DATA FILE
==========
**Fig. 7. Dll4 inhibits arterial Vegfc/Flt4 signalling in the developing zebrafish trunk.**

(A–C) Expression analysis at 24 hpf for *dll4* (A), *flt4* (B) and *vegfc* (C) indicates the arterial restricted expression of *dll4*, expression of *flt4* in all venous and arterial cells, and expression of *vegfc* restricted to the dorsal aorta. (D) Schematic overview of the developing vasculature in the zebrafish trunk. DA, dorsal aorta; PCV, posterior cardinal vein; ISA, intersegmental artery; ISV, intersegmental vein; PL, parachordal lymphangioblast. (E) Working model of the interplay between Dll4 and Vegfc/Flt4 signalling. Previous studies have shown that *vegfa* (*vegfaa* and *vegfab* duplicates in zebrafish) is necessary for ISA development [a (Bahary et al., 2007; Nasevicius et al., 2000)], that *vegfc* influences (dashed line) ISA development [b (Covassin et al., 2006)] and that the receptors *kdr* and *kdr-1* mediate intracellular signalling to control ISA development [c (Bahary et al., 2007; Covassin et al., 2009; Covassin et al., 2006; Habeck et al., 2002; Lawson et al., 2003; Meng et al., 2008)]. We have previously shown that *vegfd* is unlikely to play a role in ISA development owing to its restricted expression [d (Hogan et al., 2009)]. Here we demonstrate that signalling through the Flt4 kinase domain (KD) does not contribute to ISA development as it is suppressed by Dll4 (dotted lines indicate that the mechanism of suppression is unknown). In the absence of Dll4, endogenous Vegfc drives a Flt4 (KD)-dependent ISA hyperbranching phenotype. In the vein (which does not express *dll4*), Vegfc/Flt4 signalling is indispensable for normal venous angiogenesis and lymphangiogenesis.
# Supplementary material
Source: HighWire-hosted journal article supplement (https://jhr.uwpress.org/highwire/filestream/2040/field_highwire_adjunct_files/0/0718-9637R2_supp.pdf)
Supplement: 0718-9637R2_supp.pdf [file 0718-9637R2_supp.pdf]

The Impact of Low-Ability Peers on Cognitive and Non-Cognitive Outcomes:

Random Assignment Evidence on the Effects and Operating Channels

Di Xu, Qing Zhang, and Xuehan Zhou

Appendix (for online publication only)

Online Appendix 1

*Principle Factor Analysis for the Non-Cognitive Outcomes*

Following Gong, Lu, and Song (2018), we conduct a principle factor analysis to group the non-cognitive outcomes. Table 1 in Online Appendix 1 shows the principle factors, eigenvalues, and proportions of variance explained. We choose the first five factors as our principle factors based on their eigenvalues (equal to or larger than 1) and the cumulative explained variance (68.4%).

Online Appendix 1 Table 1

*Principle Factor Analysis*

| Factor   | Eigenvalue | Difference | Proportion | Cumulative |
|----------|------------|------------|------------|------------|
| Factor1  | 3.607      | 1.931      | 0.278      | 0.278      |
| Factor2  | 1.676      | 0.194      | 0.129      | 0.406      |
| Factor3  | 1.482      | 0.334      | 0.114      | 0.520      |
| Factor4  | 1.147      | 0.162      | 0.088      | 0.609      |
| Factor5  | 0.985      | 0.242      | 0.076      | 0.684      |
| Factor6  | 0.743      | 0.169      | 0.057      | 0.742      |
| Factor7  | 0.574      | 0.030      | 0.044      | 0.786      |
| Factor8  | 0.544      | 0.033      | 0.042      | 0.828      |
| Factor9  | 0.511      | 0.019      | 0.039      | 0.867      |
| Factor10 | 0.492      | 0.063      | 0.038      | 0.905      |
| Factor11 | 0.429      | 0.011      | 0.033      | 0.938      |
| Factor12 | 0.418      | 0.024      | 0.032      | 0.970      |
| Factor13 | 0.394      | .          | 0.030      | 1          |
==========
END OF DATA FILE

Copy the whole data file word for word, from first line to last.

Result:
**Fig. 7. Dll4 inhibits arterial Vegfc/Flt4 signalling in the developing zebrafish trunk.**

(A–C) Expression analysis at 24 hpf for *dll4* (A), *flt4* (B) and *vegfc* (C) indicates the arterial restricted expression of *dll4*, expression of *flt4* in all venous and arterial cells, and expression of *vegfc* restricted to the dorsal aorta. (D) Schematic overview of the developing vasculature in the zebrafish trunk. DA, dorsal aorta; PCV, posterior cardinal vein; ISA, intersegmental artery; ISV, intersegmental vein; PL, parachordal lymphangioblast. (E) Working model of the interplay between Dll4 and Vegfc/Flt4 signalling. Previous studies have shown that *vegfa* (*vegfaa* and *vegfab* duplicates in zebrafish) is necessary for ISA development [a (Bahary et al., 2007; Nasevicius et al., 2000)], that *vegfc* influences (dashed line) ISA development [b (Covassin et al., 2006)] and that the receptors *kdr* and *kdr-1* mediate intracellular signalling to control ISA development [c (Bahary et al., 2007; Covassin et al., 2009; Covassin et al., 2006; Habeck et al., 2002; Lawson et al., 2003; Meng et al., 2008)]. We have previously shown that *vegfd* is unlikely to play a role in ISA development owing to its restricted expression [d (Hogan et al., 2009)]. Here we demonstrate that signalling through the Flt4 kinase domain (KD) does not contribute to ISA development as it is suppressed by Dll4 (dotted lines indicate that the mechanism of suppression is unknown). In the absence of Dll4, endogenous Vegfc drives a Flt4 (KD)-dependent ISA hyperbranching phenotype. In the vein (which does not express *dll4*), Vegfc/Flt4 signalling is indispensable for normal venous angiogenesis and lymphangiogenesis.
# Supplementary material
Source: HighWire-hosted journal article supplement (https://jhr.uwpress.org/highwire/filestream/2040/field_highwire_adjunct_files/0/0718-9637R2_supp.pdf)
Supplement: 0718-9637R2_supp.pdf [file 0718-9637R2_supp.pdf]

The Impact of Low-Ability Peers on Cognitive and Non-Cognitive Outcomes:

Random Assignment Evidence on the Effects and Operating Channels

Di Xu, Qing Zhang, and Xuehan Zhou

Appendix (for online publication only)

Online Appendix 1

*Principle Factor Analysis for the Non-Cognitive Outcomes*

Following Gong, Lu, and Song (2018), we conduct a principle factor analysis to group the non-cognitive outcomes. Table 1 in Online Appendix 1 shows the principle factors, eigenvalues, and proportions of variance explained. We choose the first five factors as our principle factors based on their eigenvalues (equal to or larger than 1) and the cumulative explained variance (68.4%).

Online Appendix 1 Table 1

*Principle Factor Analysis*

| Factor   | Eigenvalue | Difference | Proportion | Cumulative |
|----------|------------|------------|------------|------------|
| Factor1  | 3.607      | 1.931      | 0.278      | 0.278      |
| Factor2  | 1.676      | 0.194      | 0.129      | 0.406      |
| Factor3  | 1.482      | 0.334      | 0.114      | 0.520      |
| Factor4  | 1.147      | 0.162      | 0.088      | 0.609      |
| Factor5  | 0.985      | 0.242      | 0.076      | 0.684      |
| Factor6  | 0.743      | 0.169      | 0.057      | 0.742      |
| Factor7  | 0.574      | 0.030      | 0.044      | 0.786      |
| Factor8  | 0.544      | 0.033      | 0.042      | 0.828      |
| Factor9  | 0.511      | 0.019      | 0.039      | 0.867      |
| Factor10 | 0.492      | 0.063      | 0.038      | 0.905      |
| Factor11 | 0.429      | 0.011      | 0.033      | 0.938      |
| Factor12 | 0.418      | 0.024      | 0.032      | 0.970      |
| Factor13 | 0.394      | .          | 0.030      | 1          |